Slippery Rock postpones noise ordinance change
SLIPPERY ROCK — After months of discussion, Borough Council decided to postpone amending a noise ordinance following concerns and suggestions expressed by multiple residents at a meeting Tuesday, Sept. 19.
The proposed amendment would have placed a maximum allowable noise level of 90 decibels. The current ordinance lacks a maximum noise level. Without language restricting noise to a certain level, the ordinance is not enforceable.
Council will discuss the amendment further at its next meeting, during which possible revisions and exceptions to the ordinance will be considered.
“Public input is needed,” council president Jeff Campbell said.
After a resident expressed concern about regular yardwork breaking the 90 decibel level, council members stated they would consider making an exception for routine property maintenance between the hours of 7 a.m. and 10 p.m.
For reference, a lawnmower produces noise at around 90 decibels, and a chain saw can run at around 109 decibels, experts say.
Council also will review the ordinance’s language regarding continuous noise.
The maximum noise level of 90 decibels would be a “catch-all” for noise violations that commonly fall within that threshold, borough solicitor Rebecca Black said. Exceptions exist for continuous, oppressive noise, such as yelling, which falls under the measurable limit.
Black noted that the 90-decibel number was calculated by taking advice from the Pennsylvania State Association of Boroughs and conducting sound testing in the borough through Gateway Engineering. Ambient sound in the borough was measured at around 68.8 decibels late one afternoon.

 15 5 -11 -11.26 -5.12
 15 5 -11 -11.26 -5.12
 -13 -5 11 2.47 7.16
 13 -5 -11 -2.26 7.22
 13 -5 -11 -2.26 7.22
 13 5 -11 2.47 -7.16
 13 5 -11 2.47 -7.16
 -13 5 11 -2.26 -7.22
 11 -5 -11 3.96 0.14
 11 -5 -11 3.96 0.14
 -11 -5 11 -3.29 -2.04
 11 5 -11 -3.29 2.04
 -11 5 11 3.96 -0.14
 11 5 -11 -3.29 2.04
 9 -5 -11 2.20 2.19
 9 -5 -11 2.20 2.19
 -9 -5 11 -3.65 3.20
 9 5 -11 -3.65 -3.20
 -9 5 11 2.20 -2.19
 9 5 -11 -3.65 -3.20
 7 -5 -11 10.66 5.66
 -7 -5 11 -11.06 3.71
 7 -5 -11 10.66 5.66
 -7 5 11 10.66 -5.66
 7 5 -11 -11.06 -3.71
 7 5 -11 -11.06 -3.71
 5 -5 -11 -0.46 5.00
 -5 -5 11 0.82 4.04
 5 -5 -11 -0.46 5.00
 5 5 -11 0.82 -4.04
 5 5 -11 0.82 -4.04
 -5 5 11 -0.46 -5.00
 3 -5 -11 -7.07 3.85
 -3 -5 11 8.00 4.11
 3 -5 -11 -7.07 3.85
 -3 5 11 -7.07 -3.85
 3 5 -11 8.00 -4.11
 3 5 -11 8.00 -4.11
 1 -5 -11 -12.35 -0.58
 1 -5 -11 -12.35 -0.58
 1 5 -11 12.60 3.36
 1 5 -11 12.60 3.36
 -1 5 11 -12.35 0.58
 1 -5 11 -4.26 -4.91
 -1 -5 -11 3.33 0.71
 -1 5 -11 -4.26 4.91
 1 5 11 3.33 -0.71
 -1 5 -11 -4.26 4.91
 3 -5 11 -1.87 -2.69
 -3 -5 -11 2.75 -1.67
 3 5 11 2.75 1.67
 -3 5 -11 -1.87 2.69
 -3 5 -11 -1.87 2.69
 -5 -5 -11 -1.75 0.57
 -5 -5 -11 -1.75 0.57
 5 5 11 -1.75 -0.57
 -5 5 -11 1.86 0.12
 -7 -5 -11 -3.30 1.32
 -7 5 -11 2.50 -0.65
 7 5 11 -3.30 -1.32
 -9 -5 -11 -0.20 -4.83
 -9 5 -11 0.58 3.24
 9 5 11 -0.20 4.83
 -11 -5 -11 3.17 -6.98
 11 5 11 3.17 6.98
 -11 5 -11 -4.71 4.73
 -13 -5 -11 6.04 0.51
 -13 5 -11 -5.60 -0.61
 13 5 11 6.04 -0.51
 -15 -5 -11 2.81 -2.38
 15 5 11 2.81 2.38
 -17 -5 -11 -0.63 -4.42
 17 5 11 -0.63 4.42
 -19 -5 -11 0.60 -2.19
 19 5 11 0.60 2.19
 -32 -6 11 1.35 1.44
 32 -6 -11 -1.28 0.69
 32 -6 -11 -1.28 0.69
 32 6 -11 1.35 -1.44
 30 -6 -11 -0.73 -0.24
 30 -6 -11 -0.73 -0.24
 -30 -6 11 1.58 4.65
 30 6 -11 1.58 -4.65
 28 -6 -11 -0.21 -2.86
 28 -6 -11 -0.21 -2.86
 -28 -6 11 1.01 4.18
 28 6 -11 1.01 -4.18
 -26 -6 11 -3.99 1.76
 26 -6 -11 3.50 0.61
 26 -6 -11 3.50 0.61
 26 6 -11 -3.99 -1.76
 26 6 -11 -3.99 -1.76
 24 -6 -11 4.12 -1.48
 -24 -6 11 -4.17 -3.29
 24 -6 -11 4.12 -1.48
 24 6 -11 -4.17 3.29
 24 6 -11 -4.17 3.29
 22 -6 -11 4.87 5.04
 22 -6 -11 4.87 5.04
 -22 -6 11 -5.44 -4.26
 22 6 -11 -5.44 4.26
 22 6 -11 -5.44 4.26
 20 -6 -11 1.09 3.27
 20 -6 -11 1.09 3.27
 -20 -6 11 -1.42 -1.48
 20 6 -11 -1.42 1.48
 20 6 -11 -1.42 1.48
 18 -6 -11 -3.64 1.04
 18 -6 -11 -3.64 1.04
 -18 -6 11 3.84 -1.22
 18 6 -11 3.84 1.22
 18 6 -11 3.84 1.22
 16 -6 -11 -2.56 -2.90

Black shared that she didn’t think it would be in good faith for the borough to implement a noise limit lower than the borough’s current background noise.
“It would leave you potentially in a perpetual state of violation,” Black said.
“What we’re trying to do here is set a standard that is measurable and still allows for people to enjoy their property or work on their property,” council member Alexandra Tuten said.
“We’re not going to take this and police and go around with a decibel meter to everything that’s ever existed in Slippery Rock to see if it’s breaking the decibel limit,” Tuten said following public comment. She encouraged residents to talk to their neighbors and share their concerns with council.
Language surrounding the amendment is subject to change as council continues to review suggestions and concerns.
Borough manager Christian Laskey and council member Ron Steele encouraged residents to share concerns with council.
“If you have a concern, start coming to meetings,” Steele said. “Don’t wait until the last minute.”